In this story, one of 10 shortlisted for this year's RTÉ Short Story Competition, two young Belfast women's friendship is sustained by a mutual obsession with Henry Joy McCracken, Wolfe Tone, and other figures of Irish history...
Author Gráinne O'Hare says: "This story was inspired when I was taking walks around Belfast during the first lockdown and started looking into the history of some of my favourite places."
Muddlers by Gráinne O'Hare
Test me, says Kate, thrusting her notes forward.
Wolfe Tone, Robert Emmet, Henry Joy McCracken, lists Martha. She looks archly at Kate. Shag, marry, or kill?
Martha is regularly reprimanded in lessons for encouraging debate around which Irish revolutionary is the biggest ride. Sir, tell me honestly that you wouldn't risk it all for a night with Maud Gonne. Their History teacher refuses to engage in this discourse although Martha notes he has several sepia-toned photographs of Constance Markievicz, in military uniform and feathered hat, taped to the side of his filing cabinet like pin-ups in a teenage locker.
Martha and Kate sit on a grassy slope near the top of Cave Hill. It is early June 2009. Their last exam is tomorrow. In an hour or so, the sky will blush and bruise with a sunset that looks like a biblical backdrop. (Martha once tried to capture the scene using the camera of a slimline pink flip-phone, with limited success.) Kate had the idea of bringing a picnic blanket until she investigated and found her parents didn’t actually own a picnic blanket; they are making do with a very old, very patchy S Club 7 beach towel that she found in the back of the hot press.
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Martha volunteered to supply the peach schnapps because she wanted an excuse to use her new fake ID. Until now, she has always had to bribe a loan of ID from older girls who look faintly like her, reciting their name and birthdate if tested by suspicious nightclub bouncers. This is also, she’s discovered, a good way of remembering names and dates for exams; memorise them as if she’s trying to get into Stiff Kitten with a borrowed provisional driver’s license belonging to Hanna Sheehy Skeffington (date of birth: 24th of May, 1877).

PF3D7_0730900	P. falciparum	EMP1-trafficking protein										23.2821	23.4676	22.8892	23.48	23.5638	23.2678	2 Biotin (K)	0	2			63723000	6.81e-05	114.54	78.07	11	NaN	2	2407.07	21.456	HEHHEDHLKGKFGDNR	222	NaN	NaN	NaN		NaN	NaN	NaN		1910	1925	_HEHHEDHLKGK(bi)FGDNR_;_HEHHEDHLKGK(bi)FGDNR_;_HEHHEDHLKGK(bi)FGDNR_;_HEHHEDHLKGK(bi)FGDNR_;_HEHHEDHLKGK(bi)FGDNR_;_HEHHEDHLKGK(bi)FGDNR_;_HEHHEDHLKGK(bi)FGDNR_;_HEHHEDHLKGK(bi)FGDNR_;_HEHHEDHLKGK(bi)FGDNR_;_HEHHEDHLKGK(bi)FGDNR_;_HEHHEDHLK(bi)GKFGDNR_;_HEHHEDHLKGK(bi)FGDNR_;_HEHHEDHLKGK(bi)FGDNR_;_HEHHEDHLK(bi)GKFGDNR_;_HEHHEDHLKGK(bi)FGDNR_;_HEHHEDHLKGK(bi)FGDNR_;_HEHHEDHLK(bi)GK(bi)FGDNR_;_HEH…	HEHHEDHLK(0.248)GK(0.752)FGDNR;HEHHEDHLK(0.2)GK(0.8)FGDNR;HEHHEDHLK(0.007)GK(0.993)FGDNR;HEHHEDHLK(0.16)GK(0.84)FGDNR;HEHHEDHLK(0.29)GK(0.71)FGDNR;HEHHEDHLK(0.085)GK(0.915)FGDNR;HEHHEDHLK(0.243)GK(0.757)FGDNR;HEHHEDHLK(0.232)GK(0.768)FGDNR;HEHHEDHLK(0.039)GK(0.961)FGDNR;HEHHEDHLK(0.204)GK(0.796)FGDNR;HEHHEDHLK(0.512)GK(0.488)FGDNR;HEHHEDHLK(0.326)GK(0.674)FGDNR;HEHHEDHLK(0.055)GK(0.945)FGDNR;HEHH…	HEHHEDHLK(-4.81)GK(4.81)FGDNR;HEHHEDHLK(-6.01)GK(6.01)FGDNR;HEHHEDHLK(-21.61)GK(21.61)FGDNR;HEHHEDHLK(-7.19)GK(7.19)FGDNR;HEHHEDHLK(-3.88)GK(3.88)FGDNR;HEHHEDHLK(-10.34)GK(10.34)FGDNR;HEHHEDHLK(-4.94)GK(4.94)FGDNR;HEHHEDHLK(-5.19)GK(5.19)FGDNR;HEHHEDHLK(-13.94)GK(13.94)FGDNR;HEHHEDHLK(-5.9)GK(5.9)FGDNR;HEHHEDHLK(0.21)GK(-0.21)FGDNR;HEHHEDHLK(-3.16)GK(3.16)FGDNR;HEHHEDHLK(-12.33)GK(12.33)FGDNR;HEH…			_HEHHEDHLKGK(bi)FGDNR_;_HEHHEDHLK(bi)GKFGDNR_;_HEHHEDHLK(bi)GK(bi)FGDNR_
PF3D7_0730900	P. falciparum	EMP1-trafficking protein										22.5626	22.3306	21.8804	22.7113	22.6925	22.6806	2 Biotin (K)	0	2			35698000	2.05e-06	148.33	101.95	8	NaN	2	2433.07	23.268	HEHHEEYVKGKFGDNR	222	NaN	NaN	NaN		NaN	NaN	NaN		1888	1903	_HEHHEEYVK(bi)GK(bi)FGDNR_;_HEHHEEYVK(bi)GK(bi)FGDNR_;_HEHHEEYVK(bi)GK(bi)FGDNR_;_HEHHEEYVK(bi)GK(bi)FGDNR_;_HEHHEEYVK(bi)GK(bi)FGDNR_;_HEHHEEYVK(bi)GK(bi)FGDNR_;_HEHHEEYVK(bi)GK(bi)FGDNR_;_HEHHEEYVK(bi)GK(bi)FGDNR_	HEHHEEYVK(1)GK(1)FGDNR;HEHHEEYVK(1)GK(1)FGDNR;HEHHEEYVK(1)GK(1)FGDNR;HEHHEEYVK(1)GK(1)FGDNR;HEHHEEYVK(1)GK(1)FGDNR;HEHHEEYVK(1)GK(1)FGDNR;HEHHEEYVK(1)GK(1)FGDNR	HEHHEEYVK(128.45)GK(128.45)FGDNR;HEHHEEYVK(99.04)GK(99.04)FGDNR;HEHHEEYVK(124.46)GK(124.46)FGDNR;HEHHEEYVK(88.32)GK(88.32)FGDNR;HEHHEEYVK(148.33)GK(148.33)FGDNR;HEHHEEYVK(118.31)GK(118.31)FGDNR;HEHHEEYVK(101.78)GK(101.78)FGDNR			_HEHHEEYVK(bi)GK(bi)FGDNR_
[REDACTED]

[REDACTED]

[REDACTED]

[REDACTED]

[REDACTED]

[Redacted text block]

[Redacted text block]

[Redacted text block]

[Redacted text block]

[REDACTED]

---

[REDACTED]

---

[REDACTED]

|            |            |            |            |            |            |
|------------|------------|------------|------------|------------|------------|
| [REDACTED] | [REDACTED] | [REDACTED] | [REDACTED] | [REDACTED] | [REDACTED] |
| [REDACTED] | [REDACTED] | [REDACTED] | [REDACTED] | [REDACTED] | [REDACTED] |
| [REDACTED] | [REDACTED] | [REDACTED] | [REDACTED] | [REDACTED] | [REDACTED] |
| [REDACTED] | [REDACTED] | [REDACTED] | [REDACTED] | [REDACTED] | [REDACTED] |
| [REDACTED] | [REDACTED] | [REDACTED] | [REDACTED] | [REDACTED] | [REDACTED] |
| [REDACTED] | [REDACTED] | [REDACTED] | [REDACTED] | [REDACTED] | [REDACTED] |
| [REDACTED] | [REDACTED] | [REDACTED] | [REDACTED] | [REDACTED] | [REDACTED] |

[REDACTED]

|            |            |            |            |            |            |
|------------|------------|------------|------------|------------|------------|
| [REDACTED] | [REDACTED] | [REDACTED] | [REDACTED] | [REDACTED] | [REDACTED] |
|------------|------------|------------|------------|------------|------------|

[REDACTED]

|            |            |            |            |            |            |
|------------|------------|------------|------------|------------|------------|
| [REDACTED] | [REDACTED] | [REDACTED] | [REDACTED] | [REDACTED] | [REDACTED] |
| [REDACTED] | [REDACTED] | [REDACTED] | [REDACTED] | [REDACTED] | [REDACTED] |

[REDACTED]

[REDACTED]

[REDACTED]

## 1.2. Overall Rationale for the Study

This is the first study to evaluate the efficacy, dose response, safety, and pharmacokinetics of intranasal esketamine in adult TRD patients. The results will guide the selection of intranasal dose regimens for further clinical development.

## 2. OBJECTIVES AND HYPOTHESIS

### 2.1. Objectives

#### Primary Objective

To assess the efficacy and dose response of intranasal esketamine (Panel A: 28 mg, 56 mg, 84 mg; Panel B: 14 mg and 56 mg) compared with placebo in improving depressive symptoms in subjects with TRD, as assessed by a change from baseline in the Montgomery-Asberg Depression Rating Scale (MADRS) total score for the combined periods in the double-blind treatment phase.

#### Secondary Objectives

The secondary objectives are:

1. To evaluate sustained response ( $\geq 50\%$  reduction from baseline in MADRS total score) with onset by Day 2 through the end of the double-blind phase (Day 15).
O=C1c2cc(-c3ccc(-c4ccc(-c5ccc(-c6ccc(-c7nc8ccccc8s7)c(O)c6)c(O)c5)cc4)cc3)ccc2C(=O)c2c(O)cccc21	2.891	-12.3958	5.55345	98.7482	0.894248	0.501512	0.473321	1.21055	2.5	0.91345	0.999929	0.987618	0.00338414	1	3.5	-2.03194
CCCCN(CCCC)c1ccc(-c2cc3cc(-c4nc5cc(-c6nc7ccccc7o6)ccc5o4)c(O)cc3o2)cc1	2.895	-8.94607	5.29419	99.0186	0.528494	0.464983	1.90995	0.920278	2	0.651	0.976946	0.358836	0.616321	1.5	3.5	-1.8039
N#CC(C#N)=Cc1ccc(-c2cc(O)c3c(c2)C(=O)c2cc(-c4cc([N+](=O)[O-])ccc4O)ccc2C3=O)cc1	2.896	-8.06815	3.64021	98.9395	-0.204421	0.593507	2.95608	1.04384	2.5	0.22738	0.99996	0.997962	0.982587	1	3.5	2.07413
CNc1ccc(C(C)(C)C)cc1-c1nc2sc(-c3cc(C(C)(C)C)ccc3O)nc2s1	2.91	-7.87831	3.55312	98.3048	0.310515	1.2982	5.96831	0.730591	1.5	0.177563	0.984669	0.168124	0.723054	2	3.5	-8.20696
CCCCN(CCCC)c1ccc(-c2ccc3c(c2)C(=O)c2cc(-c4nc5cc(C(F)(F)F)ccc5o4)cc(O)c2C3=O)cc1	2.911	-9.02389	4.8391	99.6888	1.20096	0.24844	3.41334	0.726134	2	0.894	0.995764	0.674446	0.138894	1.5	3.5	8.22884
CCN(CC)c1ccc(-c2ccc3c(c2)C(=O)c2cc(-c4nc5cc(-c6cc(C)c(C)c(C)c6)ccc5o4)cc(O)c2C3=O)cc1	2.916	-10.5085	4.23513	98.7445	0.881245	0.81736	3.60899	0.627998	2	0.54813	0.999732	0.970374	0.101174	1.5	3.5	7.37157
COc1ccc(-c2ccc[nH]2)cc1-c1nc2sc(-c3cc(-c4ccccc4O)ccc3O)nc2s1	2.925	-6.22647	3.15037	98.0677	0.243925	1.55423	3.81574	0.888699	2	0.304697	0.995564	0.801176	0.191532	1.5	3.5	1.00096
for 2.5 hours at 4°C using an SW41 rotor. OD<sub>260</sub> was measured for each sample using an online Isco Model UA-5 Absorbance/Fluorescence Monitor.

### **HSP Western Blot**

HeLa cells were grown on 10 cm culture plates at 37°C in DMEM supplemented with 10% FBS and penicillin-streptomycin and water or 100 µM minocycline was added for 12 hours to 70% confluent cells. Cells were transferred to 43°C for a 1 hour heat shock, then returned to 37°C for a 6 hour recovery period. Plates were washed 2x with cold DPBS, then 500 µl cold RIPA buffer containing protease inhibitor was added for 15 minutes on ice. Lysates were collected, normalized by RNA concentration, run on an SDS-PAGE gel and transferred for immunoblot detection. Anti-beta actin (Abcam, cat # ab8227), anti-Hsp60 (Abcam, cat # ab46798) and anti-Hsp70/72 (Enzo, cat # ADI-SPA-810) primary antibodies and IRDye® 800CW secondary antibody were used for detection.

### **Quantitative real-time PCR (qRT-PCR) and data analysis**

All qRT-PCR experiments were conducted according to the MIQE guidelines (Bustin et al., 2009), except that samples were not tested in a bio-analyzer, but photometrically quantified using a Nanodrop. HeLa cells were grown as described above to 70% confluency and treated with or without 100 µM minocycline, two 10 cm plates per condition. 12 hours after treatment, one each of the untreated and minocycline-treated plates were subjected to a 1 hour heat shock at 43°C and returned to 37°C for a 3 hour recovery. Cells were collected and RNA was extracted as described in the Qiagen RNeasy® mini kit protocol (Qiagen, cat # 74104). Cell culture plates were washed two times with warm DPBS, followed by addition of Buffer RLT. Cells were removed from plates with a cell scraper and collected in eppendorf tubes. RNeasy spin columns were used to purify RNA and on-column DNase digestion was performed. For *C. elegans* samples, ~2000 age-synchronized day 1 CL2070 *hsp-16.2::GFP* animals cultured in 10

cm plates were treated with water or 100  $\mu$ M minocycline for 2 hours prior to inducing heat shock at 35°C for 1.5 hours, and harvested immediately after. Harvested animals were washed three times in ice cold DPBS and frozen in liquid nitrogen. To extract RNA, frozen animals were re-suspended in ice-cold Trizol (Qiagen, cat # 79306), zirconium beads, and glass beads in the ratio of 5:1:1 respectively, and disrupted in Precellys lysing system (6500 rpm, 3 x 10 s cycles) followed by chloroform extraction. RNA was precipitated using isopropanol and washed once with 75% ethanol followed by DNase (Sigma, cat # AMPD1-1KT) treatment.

I’ve taken it for granted there’s going to be an essay question on the Cave Hill Compact, Kate frets, rifling through her index cards. But maybe that’s too obvious? Maybe they’re going to ask something really obscure? Kate seems convinced that the exam board sets their essay questions like a writers' room workshopping the devastating plot twists of a gritty crime drama.
They’re honestly not that bothered about catching us out, Martha dismisses.
But what if they do?
You know enough. Just wing it.
Martha’s feedback from teachers praises her lively, confident writing style; Kate’s comments say things like extremely competent and unpack this further. Kate writes essays like she’s talking to a boy she has notions for; she never claims an opinion as her own in case it’s the wrong one. Kate doesn’t start to speak with conviction until she’s had half a bottle of West Coast Cooler and has no inhibitions about telling the nearest available person how she thinks Avril Lavigne’s latest album has been unfairly maligned by long-term fans simply because its lead single courts mainstream pop. She considers what might be the benefits of tanking the rest of the peach liqueur before their exam tomorrow morning in the hope of it giving her some Dutch courage.
Fun fact, says Martha, the phrase Dutch courage comes from the Anglo-Dutch wars of the seventeenth century when soldiers used to drink Dutch gin before going into battle.
How do you know that?
I read it somewhere. See? If I can remember some random Christmas-cracker trivia I read once, you can definitely remember your revision tomorrow. What pseudonym, Martha tests Kate, did the United Irishmen use when they started meeting?
Kate’s jaw visibly locks with frustration. I know this one, she says.
You do know this one, says Martha. I say it all the time.
Martha often shortens the Muddlers Club to refer to the Irish rebels on their History syllabus as the Muddlers in much the same way as she collectively terms her friends the lads. Kate wishes she could recall details with that easy familiarity, wishes her study notes would embed themselves in her brain like song lyrics from her lifelong favourite albums. She can still flawlessly recite Geri’s Spanish rap from If U Can’t Dance without missing a beat and yet struggles to remember the date of the 1798 rebellion. It’s called the 1798 rebellion, Martha says. The date is literally in the name.
Kate is told off for coming home late and tipsy the night before an exam. She is threatened with a month-long computer ban unless she divulges who she’s been out with. No-one likes a tout, Martha commented once, when they learned in History that Henry Joy McCracken was offered a lesser punishment than hanging if he sold out his rebel brethren.
He didn’t, though, Mr McFarlane told them cheerfully.
He died, though, Kate pointed out.
The point still stands, said Martha.
Ten years later, a statue of Henry Joy stands on a modest plinth outside the pub Martha works at.
Would you still shag him, asks Kate. She sits inside at the bar, Martha on shift behind it.
State of him, scoffs Martha. They did my boy dirty. He looks like Cillian Murphy drawn badly from memory.
Kate laughs. Do you want another? Martha asks, pointing at her empty lemonade glass.
Can I get a virgin mojito? Kate occupies herself with the cocktail menu while Martha fetches mint leaves. Dutch Courage, she reads out. Whiskey, absinthe, bitters… No gin?
No comment. Good memory, Martha remarks, smiling. She likes these moments, when a decade-old joke pulls taut between them to remind them of their bond and its longevity. Want to try it? she asks.
Whiskey and absinthe? You’ll be driving me to A&E.
You’ve swallowed worse poisons, Martha retorts good-humouredly. Back in a sec, she adds, turning to serve a couple at the bar. They order cocktails, and she begins an adroit juggle of liquor and syrup and soda, snatching up bottles and spinning to replace them just as swiftly.